Typecast or not typecast… that is the question. I actually started typing this post on the Skyriter while in the hotel after I had posted a comment on Twitter (which got Specialized to follow me… which is very cool) about cycling. I… I think I’m not going to typecast this post. So… here we go.
There are a few major things that hold my love. First and foremost is my partner (and our family). But two others battle it out on a near daily basis: typewriters and cycling. And right now, I want to talk about the latter.
Cycling is dangerous. But not in the traditional sense. It is dangerously good. Sure, there is the possibility of physical harm, but I feel there are a lot of “loves” that can cause that. What I mean by “dangerously good” is that without you knowing, you suddenly become addicted and through that you become healthy in some way — almost the anti-definition of what often being addicted to something implies. It is “dangerously” addictive but the results are oh-so-good.
I’ve never been good at sports or fitness. I either don’t like the idea of the competition or it simply doesn’t hold my attention. I rather fancy myself as a numbers person, a mathematician. So, I guess, I fall into a kind of stereotypical mold. But that doesn’t bother me — not sure why it should…
But cycling is different. Cycling is a sport in as much as a discipline and a lifestyle. I am not sure the same could be said for football, soccer, golf, rugby, ultimate Frisbee, swimming, or a handful of other sports — or more. Cycling is a sport of the highest level, complete with a long history, old events, worldwide recognition, an Olympic placement (that includes several events), world championships, and an illustrious history of drug abuse and drama. I think that defines a sport rather well… don’t you?
I feel like I needn’t explain why it is a discipline but for the sake of completeness: cycling is one of the best cardiovascular exercises one can do. Not only can you get a cardiovascular work out and thus strengthen your heart (and increase your overall health), but it also works out your core muscles. I’m a road cyclist. And in the typical position, people often think we hold ourselves up with our arms, placing weight upon our palms, etc. This is true — but only to some extent. Because we, in fact, if trained properly, actually use our back and core muscles to hold ourselves up mostly. This allows us to be light on the pedals, keep pressure off our palms, and all sorts of good things! (That is a little known fact, it seems…) The saddle is there for us to just sit, the bars the guide the front wheel. A road bike (really, any bike) is a near perfect example of how man and machine can meld seamlessly.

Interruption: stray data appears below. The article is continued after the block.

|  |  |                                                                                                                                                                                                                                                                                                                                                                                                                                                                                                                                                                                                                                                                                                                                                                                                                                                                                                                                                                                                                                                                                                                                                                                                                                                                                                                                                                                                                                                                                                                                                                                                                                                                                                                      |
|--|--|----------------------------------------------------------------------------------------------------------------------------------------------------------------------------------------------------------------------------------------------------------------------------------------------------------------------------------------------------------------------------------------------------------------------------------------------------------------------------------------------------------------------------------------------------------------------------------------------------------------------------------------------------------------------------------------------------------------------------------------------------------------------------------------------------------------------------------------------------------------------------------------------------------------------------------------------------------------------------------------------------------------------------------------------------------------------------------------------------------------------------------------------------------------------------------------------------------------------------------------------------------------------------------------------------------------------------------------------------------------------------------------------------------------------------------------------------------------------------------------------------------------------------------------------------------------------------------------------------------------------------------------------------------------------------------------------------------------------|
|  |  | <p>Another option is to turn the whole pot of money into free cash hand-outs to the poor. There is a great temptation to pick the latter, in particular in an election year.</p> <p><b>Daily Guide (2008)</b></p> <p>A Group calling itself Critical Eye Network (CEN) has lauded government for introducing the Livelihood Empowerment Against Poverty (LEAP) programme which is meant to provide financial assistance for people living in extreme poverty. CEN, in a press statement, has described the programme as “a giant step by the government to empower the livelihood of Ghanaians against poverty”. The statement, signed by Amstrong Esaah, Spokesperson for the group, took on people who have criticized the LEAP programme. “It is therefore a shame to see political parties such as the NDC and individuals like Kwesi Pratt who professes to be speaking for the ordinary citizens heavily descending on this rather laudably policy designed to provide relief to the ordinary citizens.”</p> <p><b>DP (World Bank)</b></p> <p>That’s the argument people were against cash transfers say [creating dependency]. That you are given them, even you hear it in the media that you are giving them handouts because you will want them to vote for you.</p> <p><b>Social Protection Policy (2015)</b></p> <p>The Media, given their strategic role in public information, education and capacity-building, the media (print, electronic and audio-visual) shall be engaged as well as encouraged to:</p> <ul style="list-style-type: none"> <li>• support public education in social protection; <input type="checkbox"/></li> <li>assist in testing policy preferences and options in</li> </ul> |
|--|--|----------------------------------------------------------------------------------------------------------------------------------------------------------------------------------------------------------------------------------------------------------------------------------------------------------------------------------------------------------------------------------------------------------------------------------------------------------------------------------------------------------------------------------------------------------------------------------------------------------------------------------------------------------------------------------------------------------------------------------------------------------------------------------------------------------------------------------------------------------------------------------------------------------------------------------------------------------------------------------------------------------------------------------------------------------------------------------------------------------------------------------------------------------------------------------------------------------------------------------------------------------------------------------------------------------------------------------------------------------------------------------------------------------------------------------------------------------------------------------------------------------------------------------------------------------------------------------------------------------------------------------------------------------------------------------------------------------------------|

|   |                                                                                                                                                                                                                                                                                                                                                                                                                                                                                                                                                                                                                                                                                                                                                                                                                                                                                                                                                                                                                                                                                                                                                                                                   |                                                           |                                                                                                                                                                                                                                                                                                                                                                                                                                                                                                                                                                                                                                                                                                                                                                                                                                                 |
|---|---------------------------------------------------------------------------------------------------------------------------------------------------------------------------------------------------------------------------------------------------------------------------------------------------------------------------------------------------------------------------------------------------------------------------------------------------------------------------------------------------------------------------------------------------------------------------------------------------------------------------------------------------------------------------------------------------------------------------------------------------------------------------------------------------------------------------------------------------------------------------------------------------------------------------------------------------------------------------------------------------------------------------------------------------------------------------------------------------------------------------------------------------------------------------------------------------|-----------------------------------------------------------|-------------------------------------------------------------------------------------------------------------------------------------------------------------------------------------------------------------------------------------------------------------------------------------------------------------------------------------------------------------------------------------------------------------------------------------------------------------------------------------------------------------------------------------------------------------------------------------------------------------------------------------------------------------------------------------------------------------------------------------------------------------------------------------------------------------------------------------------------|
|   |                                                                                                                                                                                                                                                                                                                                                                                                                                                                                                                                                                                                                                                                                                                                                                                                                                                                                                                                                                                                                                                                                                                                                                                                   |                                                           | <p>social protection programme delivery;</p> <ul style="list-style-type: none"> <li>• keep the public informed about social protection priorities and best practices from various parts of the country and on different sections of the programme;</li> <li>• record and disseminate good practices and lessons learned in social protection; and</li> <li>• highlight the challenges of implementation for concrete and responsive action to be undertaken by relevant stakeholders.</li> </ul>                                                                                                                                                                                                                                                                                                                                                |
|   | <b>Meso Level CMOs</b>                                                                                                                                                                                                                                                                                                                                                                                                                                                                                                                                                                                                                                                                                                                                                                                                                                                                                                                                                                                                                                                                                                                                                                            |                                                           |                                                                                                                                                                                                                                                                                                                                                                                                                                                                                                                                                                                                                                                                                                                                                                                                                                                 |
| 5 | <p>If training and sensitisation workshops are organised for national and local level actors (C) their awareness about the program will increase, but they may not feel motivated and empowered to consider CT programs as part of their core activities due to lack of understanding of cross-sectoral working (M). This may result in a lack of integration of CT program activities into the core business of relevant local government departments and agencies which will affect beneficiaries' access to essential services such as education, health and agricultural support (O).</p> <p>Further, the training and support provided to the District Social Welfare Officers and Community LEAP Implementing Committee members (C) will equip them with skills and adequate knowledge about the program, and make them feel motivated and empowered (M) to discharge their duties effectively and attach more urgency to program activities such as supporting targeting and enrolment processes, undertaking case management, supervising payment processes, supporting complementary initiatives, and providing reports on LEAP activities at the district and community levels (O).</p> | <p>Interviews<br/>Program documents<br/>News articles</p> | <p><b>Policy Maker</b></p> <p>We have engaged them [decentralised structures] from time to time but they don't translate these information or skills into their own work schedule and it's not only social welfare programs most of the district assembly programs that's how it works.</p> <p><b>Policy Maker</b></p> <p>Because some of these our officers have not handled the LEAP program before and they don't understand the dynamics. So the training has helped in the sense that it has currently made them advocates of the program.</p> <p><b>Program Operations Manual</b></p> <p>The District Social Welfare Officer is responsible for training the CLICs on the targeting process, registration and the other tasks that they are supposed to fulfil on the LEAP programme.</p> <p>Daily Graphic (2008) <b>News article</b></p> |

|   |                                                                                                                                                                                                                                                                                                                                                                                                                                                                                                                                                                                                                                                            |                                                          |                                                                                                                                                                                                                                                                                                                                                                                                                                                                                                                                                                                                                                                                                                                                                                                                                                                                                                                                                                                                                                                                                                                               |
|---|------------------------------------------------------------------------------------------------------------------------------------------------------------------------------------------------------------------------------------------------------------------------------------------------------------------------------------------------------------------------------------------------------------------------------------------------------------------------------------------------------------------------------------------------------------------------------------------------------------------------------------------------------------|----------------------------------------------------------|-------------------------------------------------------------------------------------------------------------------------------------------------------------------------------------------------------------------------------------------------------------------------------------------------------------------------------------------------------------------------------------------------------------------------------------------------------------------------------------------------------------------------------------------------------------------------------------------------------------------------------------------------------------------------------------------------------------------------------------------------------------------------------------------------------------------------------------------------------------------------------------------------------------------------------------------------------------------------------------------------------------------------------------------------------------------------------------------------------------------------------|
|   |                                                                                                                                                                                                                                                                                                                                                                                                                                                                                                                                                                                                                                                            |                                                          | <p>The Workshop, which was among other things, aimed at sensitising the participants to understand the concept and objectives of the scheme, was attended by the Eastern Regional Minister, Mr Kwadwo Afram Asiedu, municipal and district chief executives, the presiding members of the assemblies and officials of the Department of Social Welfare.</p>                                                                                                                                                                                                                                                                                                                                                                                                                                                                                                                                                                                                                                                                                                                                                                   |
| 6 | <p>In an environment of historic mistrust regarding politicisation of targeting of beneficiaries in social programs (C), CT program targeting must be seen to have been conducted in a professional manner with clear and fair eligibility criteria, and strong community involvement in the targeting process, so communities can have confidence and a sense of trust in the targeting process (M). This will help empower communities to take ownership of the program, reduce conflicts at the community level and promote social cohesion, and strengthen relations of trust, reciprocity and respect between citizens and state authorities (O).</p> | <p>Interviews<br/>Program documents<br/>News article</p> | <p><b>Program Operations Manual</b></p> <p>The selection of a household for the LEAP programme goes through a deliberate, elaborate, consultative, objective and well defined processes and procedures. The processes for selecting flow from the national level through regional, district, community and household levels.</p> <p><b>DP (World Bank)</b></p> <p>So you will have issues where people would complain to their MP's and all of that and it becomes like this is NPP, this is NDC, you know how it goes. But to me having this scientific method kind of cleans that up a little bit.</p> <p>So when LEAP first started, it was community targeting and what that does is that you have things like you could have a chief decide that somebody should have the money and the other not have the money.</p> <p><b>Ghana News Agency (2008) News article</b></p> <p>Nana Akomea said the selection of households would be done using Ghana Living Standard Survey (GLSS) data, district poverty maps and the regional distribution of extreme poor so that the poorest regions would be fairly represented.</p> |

Now… cycling is a lifestyle. This point can go on for hours, if not days and weeks. Cycling is all consuming because of one simple fact: it is a form of transportation. This applies all too well to joggers, runners, walkers, etc. You can’t be transported with a soccer ball or a football or a Frisbee or a golf ball or… But it isn’t just transportation: it’s a totally different mindset. You see things differently all together. You see curbs and streets and sidewalks and other things as avenues to get from point A to point B with as little effort as possible (and as safely as possible). Little lines start forming as you pedal along, showing you possible routes of where to go: you become your own GPS, knowing the streets, the drivers, the environment, far better than any driver or pedestrian ever possibly could. This teaches so many things… so many. Self discipline. Strategy. Planning. Safety. Not to mention cycling skills like bunny hopping, tactical up/downshifting, and accurate bike handling skills.
Every cyclist has a road they take. Some route they adore or aspire to conquer with the grace and agility of their idols. My road is a bit complicated, to say the least, but mine is paved by none other than Olympic medalists. I have AFib and Mitral Valve Prolapse. An Australian triathlete by the name of Erin Densham won the bronze medal in the London 2012 Olympics after defeating a heart issue that causes a racing heartbeat. Mine simply doesn’t beat steadily. But if she can conquer the Olympics with a heart issue (even if corrected with surgery), why can’t I?
My road certainly isn’t the Olympics but instead to… simply live and enjoy life. AFib isn’t a death sentence if managed. That is my motivation. That is my drive. Cycling is my life but not because I rely on it for fitness, to exercise my heart, but because it gives me the drive to learn self discipline, to strategize over how to do things better, how to plan my dietary low cholesterol/low(er) sodium needs, and to safely carry all these things out.
I am many things. But always in the top 3 things that come to mind — even if my body doesn’t reflect it! — is that I’m a cyclist.
I am a cyclist.